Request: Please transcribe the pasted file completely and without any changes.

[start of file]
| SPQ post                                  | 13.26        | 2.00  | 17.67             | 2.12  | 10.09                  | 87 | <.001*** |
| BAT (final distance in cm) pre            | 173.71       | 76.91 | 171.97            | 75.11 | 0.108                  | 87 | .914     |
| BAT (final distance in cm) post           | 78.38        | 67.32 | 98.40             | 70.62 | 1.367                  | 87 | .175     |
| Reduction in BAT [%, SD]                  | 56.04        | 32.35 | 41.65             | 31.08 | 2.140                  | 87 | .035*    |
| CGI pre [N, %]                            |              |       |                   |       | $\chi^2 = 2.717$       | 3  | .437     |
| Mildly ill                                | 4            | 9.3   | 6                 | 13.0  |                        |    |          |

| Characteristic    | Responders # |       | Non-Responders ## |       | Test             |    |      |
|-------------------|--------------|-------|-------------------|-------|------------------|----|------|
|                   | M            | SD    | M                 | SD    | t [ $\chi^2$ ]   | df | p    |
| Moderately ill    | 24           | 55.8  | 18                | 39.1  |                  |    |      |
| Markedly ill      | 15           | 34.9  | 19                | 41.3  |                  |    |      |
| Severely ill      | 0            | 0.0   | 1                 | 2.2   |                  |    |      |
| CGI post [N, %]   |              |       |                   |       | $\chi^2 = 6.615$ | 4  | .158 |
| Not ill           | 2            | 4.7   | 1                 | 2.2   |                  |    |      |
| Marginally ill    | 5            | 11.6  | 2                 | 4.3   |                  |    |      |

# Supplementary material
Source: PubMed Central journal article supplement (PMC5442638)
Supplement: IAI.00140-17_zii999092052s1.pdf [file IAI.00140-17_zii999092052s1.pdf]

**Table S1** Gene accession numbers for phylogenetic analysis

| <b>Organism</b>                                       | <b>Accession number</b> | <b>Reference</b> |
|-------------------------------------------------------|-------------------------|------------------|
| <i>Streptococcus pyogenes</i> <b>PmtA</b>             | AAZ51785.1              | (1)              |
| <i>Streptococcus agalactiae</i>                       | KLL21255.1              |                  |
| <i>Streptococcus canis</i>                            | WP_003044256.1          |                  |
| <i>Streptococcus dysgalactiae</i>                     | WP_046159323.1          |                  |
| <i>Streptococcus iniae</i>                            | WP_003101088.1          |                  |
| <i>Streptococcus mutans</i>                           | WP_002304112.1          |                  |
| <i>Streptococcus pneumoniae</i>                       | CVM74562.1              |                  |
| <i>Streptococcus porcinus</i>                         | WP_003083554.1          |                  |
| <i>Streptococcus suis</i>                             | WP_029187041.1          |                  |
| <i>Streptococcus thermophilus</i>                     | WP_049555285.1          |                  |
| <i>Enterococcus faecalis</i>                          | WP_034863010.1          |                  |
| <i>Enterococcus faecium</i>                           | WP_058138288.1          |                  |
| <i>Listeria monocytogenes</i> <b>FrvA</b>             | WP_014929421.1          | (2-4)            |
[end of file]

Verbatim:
| SPQ post                                  | 13.26        | 2.00  | 17.67             | 2.12  | 10.09                  | 87 | <.001*** |
| BAT (final distance in cm) pre            | 173.71       | 76.91 | 171.97            | 75.11 | 0.108                  | 87 | .914     |
| BAT (final distance in cm) post           | 78.38        | 67.32 | 98.40             | 70.62 | 1.367                  | 87 | .175     |
| Reduction in BAT [%, SD]                  | 56.04        | 32.35 | 41.65             | 31.08 | 2.140                  | 87 | .035*    |
| CGI pre [N, %]                            |              |       |                   |       | $\chi^2 = 2.717$       | 3  | .437     |
| Mildly ill                                | 4            | 9.3   | 6                 | 13.0  |                        |    |          |

| Characteristic    | Responders # |       | Non-Responders ## |       | Test             |    |      |
|-------------------|--------------|-------|-------------------|-------|------------------|----|------|
|                   | M            | SD    | M                 | SD    | t [ $\chi^2$ ]   | df | p    |
| Moderately ill    | 24           | 55.8  | 18                | 39.1  |                  |    |      |
| Markedly ill      | 15           | 34.9  | 19                | 41.3  |                  |    |      |
| Severely ill      | 0            | 0.0   | 1                 | 2.2   |                  |    |      |
| CGI post [N, %]   |              |       |                   |       | $\chi^2 = 6.615$ | 4  | .158 |
| Not ill           | 2            | 4.7   | 1                 | 2.2   |                  |    |      |
| Marginally ill    | 5            | 11.6  | 2                 | 4.3   |                  |    |      |

# Supplementary material
Source: PubMed Central journal article supplement (PMC5442638)
Supplement: IAI.00140-17_zii999092052s1.pdf [file IAI.00140-17_zii999092052s1.pdf]

**Table S1** Gene accession numbers for phylogenetic analysis

| <b>Organism</b>                                       | <b>Accession number</b> | <b>Reference</b> |
|-------------------------------------------------------|-------------------------|------------------|
| <i>Streptococcus pyogenes</i> <b>PmtA</b>             | AAZ51785.1              | (1)              |
| <i>Streptococcus agalactiae</i>                       | KLL21255.1              |                  |
| <i>Streptococcus canis</i>                            | WP_003044256.1          |                  |
| <i>Streptococcus dysgalactiae</i>                     | WP_046159323.1          |                  |
| <i>Streptococcus iniae</i>                            | WP_003101088.1          |                  |
| <i>Streptococcus mutans</i>                           | WP_002304112.1          |                  |
| <i>Streptococcus pneumoniae</i>                       | CVM74562.1              |                  |
| <i>Streptococcus porcinus</i>                         | WP_003083554.1          |                  |
| <i>Streptococcus suis</i>                             | WP_029187041.1          |                  |
| <i>Streptococcus thermophilus</i>                     | WP_049555285.1          |                  |
| <i>Enterococcus faecalis</i>                          | WP_034863010.1          |                  |
| <i>Enterococcus faecium</i>                           | WP_058138288.1          |                  |
| <i>Listeria monocytogenes</i> <b>FrvA</b>             | WP_014929421.1          | (2-4)            |